PLAN Charlestown Kicks off With Huge Crowd at Open House

Pulling out a Bunker Hill flag and holding it high for the massive crowd in the Warren Prescott gym to see, BPDA Planner Ted Schwartzberg delivered the opening salvo in the battle of PLAN Charlestown – telling the audience the City is ready to work with them for the next two years, but that they didn’t come out to have a fight or to quench the craving for community melodrama.

Photo by Seth Daniel
BPDA Planner Ted Schwartzberg holds up a Bunker Hill flag during the kick-off of PLAN Charlestown on Jan. 30. He said that displaying the flag meant that he was there to work for the community. He also implored residents not to come to planning meetings to seek out battles or drama.

PLAN Charlestown might be the most highly anticipated and talked-about community planning (or, if you will, Master Plan) processes in the City’s recent history. All of the hype over the process, and setting the ground rules and boundaries, came to a head last Thursday night, Jan. 30, in the Warren-Prescott gym with the kick off.

Set up as an Open House with several information stations to choose from, and a horde of BPDA specialists staffing them, residents could look into any aspect of planning that would come up – from environmental resiliency to land use to the current amounts of state/City-owned land.

First and foremost, they said this process won’t be about a fight.

“This is supposed to be a fair process, but it is not a fight,” said Schwartzberg. “If you’re coming for arguments, theatre or drama, this isn’t the place. If that’s what you’re looking for, I can give you my Netflix password and there’s plenty of drama to watch there. If you’re looking for a battle or an enemy, look at your neighbors here. If you fight this process, you’re fighting the opportunity to create a shared vision with your neighbors and us.”

Instead of a fight, he said people should expend that energy on drawing more people to the planning meetings – people who may not speak English, or are working several jobs or don’t know the process is happening.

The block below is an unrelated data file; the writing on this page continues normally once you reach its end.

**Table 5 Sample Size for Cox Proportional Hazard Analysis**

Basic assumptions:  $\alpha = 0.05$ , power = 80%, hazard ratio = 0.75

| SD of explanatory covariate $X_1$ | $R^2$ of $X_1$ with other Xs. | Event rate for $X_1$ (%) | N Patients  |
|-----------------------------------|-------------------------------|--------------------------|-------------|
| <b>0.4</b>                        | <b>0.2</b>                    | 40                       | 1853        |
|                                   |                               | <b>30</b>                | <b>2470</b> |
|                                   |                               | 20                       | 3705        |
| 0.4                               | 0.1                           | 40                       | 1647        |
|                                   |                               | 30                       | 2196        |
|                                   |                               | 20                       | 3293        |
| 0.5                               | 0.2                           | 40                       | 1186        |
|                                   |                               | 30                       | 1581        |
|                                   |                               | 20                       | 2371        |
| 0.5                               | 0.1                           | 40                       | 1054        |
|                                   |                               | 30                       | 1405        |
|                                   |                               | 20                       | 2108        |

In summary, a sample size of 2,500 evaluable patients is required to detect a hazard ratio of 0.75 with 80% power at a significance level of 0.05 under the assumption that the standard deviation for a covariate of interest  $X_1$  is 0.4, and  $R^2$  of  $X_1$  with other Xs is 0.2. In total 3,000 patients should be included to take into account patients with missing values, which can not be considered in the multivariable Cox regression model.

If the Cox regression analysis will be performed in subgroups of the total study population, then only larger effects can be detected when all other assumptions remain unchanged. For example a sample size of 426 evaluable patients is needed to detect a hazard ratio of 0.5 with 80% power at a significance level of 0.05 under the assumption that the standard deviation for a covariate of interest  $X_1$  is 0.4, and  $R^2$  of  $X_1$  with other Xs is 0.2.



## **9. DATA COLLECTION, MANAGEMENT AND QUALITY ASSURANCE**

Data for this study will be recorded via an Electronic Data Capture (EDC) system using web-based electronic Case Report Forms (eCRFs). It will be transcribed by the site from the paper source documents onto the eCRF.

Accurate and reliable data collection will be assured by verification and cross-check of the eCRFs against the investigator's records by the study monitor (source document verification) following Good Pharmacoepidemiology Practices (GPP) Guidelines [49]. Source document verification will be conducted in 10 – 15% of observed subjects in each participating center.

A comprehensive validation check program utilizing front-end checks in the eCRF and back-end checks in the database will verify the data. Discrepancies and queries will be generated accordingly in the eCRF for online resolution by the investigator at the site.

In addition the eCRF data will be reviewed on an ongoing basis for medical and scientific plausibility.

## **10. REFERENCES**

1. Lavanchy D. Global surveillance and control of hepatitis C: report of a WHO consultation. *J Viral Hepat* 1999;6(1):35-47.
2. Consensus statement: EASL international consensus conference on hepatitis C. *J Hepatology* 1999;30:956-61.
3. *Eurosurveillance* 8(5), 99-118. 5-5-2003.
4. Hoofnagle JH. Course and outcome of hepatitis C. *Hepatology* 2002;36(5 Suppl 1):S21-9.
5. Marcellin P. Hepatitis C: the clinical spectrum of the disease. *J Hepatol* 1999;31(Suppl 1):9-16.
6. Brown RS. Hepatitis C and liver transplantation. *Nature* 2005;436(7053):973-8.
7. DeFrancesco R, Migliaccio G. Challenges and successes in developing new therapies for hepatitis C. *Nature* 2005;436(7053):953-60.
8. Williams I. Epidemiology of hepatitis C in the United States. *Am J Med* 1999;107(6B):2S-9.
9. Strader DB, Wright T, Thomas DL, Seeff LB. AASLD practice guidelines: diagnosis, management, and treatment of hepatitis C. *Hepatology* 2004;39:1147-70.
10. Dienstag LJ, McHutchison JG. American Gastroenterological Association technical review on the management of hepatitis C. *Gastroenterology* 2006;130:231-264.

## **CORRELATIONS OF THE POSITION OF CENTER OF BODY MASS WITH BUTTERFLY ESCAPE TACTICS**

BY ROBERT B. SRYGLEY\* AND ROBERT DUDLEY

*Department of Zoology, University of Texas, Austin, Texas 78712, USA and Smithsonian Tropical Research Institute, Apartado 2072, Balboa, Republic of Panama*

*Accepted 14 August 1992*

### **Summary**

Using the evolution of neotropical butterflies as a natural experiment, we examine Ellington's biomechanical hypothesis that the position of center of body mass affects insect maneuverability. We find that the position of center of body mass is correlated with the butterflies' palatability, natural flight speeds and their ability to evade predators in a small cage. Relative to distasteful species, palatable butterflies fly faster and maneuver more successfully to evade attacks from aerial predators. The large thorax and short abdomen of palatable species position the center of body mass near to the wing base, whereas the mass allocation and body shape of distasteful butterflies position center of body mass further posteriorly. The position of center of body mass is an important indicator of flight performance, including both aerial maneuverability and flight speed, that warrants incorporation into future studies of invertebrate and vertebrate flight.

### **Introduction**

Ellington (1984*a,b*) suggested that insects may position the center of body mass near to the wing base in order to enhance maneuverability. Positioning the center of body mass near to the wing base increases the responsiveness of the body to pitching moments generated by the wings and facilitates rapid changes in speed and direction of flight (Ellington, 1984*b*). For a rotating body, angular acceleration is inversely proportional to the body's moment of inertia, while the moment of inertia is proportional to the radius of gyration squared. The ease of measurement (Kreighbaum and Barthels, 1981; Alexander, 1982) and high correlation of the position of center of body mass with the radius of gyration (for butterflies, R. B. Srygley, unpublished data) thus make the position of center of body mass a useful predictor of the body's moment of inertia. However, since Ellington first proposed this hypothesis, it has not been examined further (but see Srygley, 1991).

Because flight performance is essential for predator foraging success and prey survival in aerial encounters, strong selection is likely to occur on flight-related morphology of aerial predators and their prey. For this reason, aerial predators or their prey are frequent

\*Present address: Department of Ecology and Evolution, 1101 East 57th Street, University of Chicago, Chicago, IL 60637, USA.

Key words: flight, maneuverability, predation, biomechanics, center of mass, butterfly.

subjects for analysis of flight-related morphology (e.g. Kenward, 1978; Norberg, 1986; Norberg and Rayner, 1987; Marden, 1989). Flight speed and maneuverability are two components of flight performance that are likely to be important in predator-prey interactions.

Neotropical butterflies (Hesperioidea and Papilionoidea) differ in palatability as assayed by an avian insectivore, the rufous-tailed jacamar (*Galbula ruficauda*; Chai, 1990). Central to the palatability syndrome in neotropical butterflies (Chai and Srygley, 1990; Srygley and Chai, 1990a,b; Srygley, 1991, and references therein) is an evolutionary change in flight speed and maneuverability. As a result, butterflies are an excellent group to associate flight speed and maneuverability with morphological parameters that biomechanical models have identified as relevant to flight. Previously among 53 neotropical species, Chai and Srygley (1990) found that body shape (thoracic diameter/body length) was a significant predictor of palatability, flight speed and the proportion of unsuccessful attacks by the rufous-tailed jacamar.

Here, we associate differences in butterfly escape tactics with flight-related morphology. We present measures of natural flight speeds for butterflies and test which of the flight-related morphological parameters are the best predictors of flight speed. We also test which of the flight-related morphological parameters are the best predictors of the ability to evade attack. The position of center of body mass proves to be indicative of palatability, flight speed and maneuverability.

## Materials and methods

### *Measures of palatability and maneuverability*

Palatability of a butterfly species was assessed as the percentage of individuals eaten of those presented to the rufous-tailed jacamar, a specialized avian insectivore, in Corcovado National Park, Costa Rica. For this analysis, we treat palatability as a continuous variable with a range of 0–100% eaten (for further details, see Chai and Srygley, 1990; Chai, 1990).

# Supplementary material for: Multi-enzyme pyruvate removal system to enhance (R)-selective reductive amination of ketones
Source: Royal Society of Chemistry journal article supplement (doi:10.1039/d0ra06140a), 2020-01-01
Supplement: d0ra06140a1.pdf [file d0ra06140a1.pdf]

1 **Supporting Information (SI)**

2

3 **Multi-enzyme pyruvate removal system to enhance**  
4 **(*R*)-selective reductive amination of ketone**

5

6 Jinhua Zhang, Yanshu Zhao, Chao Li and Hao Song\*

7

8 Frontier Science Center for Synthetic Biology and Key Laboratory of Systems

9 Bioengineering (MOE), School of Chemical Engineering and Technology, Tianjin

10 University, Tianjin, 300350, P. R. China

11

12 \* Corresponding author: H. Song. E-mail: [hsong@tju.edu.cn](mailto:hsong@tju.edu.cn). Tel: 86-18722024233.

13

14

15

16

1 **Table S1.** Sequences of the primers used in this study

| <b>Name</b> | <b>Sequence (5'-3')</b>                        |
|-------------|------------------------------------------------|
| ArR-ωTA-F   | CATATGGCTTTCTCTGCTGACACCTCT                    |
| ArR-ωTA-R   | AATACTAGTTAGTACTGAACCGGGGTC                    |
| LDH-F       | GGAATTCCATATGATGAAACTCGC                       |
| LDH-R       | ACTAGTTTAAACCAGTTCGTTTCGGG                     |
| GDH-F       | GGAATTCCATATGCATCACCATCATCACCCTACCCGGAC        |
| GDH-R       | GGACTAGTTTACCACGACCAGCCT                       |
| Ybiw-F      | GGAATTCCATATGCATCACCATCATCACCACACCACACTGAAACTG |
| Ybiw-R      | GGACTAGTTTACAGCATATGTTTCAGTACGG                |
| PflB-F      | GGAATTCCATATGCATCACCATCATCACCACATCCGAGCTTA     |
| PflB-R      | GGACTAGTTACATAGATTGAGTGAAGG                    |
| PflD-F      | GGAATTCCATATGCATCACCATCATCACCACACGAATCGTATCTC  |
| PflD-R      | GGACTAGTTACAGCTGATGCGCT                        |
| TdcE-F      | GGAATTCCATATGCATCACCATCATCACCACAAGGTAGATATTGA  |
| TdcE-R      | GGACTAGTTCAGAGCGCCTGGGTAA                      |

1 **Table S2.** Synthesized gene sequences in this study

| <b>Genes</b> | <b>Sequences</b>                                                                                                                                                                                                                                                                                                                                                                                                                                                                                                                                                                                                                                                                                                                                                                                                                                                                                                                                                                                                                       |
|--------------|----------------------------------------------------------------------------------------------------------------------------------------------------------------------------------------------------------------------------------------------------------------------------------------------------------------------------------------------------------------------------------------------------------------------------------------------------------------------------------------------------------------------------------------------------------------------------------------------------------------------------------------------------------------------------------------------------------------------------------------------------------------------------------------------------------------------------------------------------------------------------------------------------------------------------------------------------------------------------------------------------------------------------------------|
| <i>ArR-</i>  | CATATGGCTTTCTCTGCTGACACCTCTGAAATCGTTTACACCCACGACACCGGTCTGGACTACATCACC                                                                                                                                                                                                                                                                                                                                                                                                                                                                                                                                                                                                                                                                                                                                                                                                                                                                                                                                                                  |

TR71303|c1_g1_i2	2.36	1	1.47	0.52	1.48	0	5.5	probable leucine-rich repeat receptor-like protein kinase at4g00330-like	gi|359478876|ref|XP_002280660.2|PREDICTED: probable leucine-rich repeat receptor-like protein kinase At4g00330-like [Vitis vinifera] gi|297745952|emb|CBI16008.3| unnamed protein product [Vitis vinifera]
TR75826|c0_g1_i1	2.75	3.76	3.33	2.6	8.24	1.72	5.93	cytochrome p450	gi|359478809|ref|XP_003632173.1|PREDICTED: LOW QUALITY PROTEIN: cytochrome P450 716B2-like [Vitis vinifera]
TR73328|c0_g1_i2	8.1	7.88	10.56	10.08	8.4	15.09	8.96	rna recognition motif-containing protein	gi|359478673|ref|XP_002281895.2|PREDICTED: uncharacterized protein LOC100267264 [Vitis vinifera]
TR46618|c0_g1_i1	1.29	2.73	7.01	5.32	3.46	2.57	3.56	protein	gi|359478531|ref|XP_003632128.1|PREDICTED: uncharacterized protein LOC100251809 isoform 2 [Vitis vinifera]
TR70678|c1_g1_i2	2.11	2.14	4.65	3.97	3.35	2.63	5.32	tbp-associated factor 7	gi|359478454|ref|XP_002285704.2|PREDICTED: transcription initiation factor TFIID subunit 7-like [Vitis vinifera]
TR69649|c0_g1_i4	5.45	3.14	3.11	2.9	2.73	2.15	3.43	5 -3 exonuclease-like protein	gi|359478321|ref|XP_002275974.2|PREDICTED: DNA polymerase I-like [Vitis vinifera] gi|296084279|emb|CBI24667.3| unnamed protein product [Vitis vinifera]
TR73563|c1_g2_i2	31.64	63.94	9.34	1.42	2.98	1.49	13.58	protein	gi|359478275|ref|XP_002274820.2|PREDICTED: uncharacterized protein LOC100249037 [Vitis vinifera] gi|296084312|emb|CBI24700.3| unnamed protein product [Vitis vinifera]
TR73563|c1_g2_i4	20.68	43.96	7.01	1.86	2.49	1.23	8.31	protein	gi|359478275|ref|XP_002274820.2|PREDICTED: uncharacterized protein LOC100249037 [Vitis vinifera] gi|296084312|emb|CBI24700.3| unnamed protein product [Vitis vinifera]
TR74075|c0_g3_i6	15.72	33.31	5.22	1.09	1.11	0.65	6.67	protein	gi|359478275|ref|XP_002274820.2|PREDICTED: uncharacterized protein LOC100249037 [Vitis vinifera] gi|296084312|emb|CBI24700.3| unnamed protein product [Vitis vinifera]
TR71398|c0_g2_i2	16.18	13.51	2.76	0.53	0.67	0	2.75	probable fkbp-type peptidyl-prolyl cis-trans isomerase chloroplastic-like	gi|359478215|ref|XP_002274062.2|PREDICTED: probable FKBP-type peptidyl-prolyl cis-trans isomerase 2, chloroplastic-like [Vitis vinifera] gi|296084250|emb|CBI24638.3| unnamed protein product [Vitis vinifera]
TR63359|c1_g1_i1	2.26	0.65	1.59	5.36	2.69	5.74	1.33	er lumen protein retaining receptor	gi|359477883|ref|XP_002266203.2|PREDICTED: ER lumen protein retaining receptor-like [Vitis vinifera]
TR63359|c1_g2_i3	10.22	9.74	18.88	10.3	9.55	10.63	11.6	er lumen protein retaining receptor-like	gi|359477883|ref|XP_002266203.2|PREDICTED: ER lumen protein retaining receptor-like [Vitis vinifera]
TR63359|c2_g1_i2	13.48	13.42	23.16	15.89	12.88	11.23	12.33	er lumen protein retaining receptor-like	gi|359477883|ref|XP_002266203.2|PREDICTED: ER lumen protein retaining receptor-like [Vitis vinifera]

“If you want to do something that benefits the world of planning, I would encourage you to direct that energy at getting people here who are not yet at the table,” he said.

With that, Schwartzberg produced the Bunker Hill flag and proclaimed that the process was for the people of Charlestown.

“This is the Bunker Hill flag,” he said. “What that means is I’m here to work for you.”

That was followed with applause, and by and large, approval.

Some other keys to the process included that there is no timeline on the effort, as he said they don’t know how long it will last – though other processes across the city have averaged around two years.

Second, the Bunker Hill Redevelopment process will be a part of the PLAN Charlestown effort, though it will also follow its own path of meetings for the typical Article 80 process.

“PLAN Charlestown is all of Charlestown,” he said. “If you’re from the Lost Village, you’re lost no more. You’re part of this. The Navy Yard already has a plan, but we’re not going to ignore you. And of course, the BHA Bunker Hill Development is part of this. There is no way you could talk about everything you need to talk about with Bunker Hill in a planning meeting – from transportation and open space. There are separate meetings for that, but it is a part of this too.”

He said that he would be attending Bunker Hill meetings as a representative of PLAN Charlestown, and BPDA Project Manager Raul Duverge would be attending PLAN Charlestown meetings as a representative of the Bunker Hill process.

Another major promise was that there would be no RFPs issued for BPDA-owned or City-owned land during the planning process.

“There will be no new RFPs on BPDA or City land until we have a plan from this process,” he said.

State Rep. Dan Ryan said he had been calling for such a planning effort for years to make sure development on the edges of the Town doesn’t overtake the traditional neighborhoods.

“This is about being proactive and not reactive to development,” he said. “We have done a lot of showing up to meetings and yelling about individual plans. However, we’ve never come together over two years to come up with a plan that works for the future. This many people are here because it’s a great place to live.”

City Councilor Lydia Edwards said many are skeptical, but urged everyone to work through the process.

“This community will work for this community and will fight for this community’s future,” she said.

“It is about the process; process engenders trust,” she continues. “Because of mishaps in the past, people are here with guarded trust but I want to acknowledge those coming with an open mind…I have watched the BPDA in East Boston plan things for the last year. We’ve done walking tours. I’ve seen it happen. I know we can do this.”

Of the subjects and departments that will be intimately involved in the effort will be infrastructure, roads, transportation, open space, water/sewer pipes, emergency services, environmental resiliency, Boston Public Schools, historic resources, water transportation and archives – among others.

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